Software development in general and IT in particular seems to have a love-hate relationship with our customers – as in, we really love to hate on our customers. We have Stupid User Tricks, ID10T issues, PEBCAK, and of course, Clients From Hell. Every once in a while, even Dilbert takes a break from bashing managers to take a swing or two at customers.
There’s even some evidence that the feelings are mutual.
How is it that we’ve managed to come to the point where distrust, even open hostility, is the norm? How is it that this situation is allowed to continue? What if we don’t change the dynamic?
To get an idea of how we got here, imagine the following scenario:
- There’s a restaurant where you’re required to eat.
- You don’t get to decide when you can eat; you have to ask (and ask) and eventually you’re allowed to sit at the table without any idea of when you’ll get another chance.
- You don’t pay for what you eat, but you will have to justify each menu item you order.
- The kitchen staff will be required to say how exactly long it will take to prepare the order, even if the item is not on the menu and no one has ever made it before.
- The waiter, the chef, and the maitre d’ may not understand or be able to prepare your order, so they reserve the right to alter it without any notice – you’ll find out when it arrives.
- Waiters interacting with diners after the initial order is considered poor practice; kitchen staff doing so is completely out of the question.
- If the order doesn’t meet your approval, you can send it back to be fixed as much as you like.
Under those circumstances, one might expect the restaurant patrons to be a tad distrustful of the staff, who will probably respond in kind. The experienced patrons will have learned to order as much as possible, regardless of need, subject only to the restraint of getting approval. They will have learned to be vague enough to allow them to keep sending dishes back for fixes that are enhancements in disguise. The bolder patrons will either learn to cook for themselves or find another restaurant, perhaps both.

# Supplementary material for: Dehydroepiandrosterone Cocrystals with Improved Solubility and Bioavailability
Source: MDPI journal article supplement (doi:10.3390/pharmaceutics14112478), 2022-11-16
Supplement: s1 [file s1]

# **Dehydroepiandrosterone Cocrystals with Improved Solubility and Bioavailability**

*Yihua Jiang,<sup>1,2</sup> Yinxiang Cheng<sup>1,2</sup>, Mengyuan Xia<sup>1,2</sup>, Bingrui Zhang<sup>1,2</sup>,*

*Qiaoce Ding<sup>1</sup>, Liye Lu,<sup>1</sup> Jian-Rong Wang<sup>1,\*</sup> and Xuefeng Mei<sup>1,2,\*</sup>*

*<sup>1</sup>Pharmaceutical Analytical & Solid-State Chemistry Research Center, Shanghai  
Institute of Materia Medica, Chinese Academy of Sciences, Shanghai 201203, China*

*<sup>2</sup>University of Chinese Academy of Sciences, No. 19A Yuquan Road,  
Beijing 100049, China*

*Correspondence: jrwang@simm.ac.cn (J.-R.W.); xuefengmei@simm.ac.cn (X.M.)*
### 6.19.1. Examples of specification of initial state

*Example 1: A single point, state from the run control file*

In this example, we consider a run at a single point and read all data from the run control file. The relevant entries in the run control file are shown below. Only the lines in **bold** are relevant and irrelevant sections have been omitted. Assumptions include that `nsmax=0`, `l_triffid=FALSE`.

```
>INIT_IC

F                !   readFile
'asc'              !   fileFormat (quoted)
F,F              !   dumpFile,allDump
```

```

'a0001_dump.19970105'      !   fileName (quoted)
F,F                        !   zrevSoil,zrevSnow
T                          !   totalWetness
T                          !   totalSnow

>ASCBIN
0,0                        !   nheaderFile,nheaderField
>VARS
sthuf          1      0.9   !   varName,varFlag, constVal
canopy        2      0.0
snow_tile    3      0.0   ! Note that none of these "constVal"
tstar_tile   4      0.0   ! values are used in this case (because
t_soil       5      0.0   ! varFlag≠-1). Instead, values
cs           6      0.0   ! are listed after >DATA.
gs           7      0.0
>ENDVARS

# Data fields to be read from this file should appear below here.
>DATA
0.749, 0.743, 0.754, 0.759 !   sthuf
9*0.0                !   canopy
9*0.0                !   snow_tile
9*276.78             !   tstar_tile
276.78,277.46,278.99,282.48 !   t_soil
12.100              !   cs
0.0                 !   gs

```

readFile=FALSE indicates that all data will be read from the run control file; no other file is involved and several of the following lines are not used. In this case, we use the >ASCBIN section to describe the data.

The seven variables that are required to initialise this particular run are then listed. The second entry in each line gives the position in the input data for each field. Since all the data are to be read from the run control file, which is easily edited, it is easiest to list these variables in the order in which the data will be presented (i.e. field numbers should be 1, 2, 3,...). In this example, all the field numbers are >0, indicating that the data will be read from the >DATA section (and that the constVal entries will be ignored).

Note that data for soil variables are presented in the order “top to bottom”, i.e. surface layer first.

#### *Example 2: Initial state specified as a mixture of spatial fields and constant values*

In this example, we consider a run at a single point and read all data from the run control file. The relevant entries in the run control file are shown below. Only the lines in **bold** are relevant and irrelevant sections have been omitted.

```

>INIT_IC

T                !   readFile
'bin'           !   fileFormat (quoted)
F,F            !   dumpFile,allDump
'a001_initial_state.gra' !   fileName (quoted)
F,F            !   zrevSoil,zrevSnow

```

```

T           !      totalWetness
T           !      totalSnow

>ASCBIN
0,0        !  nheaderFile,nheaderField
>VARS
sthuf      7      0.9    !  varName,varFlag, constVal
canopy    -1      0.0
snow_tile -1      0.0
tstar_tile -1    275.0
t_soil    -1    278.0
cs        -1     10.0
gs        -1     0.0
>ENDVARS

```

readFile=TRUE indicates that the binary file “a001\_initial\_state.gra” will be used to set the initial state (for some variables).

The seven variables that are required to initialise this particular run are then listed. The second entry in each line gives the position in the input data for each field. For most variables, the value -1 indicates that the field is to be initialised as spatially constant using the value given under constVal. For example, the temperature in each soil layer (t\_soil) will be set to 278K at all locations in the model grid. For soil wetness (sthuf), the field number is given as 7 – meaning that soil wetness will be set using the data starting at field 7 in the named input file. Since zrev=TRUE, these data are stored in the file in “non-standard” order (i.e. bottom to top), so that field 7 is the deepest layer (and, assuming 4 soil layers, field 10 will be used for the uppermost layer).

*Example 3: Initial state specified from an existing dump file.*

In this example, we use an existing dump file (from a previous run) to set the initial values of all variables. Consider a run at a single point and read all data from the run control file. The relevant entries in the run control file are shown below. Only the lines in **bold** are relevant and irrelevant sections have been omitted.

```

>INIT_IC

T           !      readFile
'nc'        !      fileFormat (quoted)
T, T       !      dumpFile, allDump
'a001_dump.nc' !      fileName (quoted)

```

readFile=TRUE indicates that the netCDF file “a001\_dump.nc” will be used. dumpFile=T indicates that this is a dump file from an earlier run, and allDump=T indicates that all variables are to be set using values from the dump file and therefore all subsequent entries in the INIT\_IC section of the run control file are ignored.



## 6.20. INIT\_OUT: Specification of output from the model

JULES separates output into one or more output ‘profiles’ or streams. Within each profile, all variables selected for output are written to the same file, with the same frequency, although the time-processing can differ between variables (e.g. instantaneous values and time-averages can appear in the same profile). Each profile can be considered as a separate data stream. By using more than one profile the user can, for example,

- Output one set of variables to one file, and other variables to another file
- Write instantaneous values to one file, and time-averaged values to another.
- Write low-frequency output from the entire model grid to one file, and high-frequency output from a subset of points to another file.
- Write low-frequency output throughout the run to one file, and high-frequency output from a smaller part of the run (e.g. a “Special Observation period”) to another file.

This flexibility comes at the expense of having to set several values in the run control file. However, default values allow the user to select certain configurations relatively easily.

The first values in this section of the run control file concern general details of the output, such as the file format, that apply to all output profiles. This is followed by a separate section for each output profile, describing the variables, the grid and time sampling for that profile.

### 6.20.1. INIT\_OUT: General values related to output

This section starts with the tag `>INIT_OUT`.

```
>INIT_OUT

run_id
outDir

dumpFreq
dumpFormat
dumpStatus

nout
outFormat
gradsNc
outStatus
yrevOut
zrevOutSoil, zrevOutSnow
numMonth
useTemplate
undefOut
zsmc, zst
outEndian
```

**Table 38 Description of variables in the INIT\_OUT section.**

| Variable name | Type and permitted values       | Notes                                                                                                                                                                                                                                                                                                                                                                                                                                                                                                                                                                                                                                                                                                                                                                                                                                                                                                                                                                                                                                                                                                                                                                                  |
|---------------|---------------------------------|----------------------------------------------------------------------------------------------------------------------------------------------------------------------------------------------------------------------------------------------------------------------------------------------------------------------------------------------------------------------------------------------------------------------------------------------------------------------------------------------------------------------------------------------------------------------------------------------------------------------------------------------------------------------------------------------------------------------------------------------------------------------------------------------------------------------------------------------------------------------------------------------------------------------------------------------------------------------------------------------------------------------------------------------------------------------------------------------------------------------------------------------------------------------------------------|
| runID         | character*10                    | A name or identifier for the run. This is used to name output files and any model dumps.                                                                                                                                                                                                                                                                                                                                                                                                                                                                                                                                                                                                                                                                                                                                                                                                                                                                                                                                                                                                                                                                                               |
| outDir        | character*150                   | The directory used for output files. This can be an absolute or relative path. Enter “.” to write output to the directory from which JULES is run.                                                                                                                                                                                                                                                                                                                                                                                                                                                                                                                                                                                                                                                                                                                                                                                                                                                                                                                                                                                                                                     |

Is this starting to sound familiar?
The second question, how is it that this has been allowed to continue, is something of a mystery. While there has been a growing significant incidence of shadow IT, things still haven’t broken out into open rebellion. How much of this is inertia and how much of this is the current economy holding back expenditures? More ominously, how close to the edge are we?
This brings us to the third question, the answer to which should be obvious. Trying to maintain the status quo will not work. In fact, doing so will be more likely to hasten the demise of IT as it becomes more of a commodity. Without major changes, IT risks becoming irrelevant and marginalized. Rather than worrying about blame (it should be obvious that this is a systemic problem rather than one or two bad actors), both business and IT need to find a way forward that maximizes value and minimizes friction. The risk to those organizations that cannot make this transition increases with each passing day.